Readers, Correct me if you think I am wrong.  I've been reading a few books and websites that are fairly well read by attorneys and legal professionals and held in reasonably high regard and they have caused me some confusion.  If I were to combine the explanations I have read and heard on collaborative divorce, I have heard that it can be a divorce involving attorneys, mediators and/or other professionals such as therapists, psychologists, clinical social workers, psychotherapists and any number of legal and/or mental health or other professionals capable of mediating parties to a divorce.  

From what I have understood, this is way off the mark.  Frankly, I'd like to make sure I have this right.  To my way of thinking a collaborative divorce involves clients and attorneys.  If other professionals are needed in addition to the attorneys then the lawyers would seek their assistance and/or participation for the betterment of the client's involved.

In a collaborative divorce the parties select attorneys to advise them and help them through divorce settlement negotiations.  Typically the parties and their attorneys all sign what is often referred to as a "Participation Agreement/Participation Contract."  The agreement essentially sets forth that the parties agree to whatever written and signed settlement agreement that they reach.  Additionally, the attorneys agree that if, or when, the matter goes to litigation that neither attorney will represent the parties involved. I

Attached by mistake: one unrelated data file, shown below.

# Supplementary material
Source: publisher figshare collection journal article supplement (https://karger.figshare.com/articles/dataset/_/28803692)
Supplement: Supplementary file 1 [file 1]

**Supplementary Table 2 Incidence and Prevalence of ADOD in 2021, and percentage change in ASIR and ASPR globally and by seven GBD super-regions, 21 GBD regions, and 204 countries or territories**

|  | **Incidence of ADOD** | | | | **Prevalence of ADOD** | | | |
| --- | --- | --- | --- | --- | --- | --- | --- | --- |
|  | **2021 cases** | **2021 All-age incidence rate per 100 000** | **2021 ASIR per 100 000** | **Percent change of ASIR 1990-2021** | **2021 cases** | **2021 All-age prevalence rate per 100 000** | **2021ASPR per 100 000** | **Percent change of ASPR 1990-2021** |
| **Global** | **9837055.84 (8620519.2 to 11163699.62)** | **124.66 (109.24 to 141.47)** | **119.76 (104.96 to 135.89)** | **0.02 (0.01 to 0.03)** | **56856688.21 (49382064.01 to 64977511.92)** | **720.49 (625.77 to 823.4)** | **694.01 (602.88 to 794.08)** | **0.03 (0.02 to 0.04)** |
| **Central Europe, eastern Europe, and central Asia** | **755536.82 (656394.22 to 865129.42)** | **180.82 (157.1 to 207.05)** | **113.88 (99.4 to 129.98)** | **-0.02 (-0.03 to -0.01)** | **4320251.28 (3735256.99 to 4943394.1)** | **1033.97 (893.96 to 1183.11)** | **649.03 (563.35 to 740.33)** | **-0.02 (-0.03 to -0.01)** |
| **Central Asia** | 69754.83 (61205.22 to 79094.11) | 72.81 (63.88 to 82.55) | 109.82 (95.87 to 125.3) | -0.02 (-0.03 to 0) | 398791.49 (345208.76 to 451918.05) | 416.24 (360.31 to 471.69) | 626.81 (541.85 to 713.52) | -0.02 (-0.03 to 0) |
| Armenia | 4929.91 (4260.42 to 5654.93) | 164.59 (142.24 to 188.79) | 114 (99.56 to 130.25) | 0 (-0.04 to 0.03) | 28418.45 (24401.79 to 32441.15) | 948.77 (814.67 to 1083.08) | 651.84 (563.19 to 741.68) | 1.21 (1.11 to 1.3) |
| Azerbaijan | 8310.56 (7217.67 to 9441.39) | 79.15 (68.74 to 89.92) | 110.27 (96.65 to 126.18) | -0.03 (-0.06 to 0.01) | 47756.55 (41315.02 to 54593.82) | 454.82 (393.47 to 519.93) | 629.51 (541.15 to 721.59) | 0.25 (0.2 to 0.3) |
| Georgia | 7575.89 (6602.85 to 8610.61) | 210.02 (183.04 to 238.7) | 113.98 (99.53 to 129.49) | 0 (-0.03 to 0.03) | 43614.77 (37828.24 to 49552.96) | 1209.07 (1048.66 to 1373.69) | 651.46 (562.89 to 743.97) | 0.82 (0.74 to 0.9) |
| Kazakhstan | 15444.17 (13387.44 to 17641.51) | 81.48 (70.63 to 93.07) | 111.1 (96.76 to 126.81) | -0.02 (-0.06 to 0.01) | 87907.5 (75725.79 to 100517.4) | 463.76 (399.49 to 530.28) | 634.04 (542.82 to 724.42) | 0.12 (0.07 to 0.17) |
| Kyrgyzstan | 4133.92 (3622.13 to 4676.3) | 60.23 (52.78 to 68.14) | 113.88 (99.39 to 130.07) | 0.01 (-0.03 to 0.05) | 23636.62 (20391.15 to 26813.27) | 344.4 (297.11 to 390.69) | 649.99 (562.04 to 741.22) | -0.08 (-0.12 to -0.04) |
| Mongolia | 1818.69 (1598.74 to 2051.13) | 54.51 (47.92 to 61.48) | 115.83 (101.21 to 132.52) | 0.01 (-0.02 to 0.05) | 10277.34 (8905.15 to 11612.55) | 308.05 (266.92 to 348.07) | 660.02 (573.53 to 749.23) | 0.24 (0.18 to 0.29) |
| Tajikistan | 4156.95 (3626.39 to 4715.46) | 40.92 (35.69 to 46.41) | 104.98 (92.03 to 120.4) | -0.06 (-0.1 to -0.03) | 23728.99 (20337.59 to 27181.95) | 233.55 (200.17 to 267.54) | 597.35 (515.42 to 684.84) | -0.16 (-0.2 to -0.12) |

The benefit of using the collaborative divorce process as I understand it, is that each party reaches a settlement they are bound to by their own agreement but they do not do so while being ignorant of their legal rights.  Each client has their own attorney for purposes of reaching a settlement.  There you have it, the ultimate goal.  The idea is to reach a settlement and know your legal rights and the pros and cons for each decision you make and how it will affect you.

So, by hiring a collaborative law divorce attorney you hire the lawyer to help you settle the case.  If the case doesn't settle using the collaborative law attorneys then each of the clients must get a new lawyer and duke it out in court.  

Do I have it wrong?  Some colleagues tell me no, other colleagues tell me I do have it wrong and that mediation itself is also a collaborative divorce process.  I don't equate the two the same way even though the word "collaborative" might be a good word to describe the mediation process.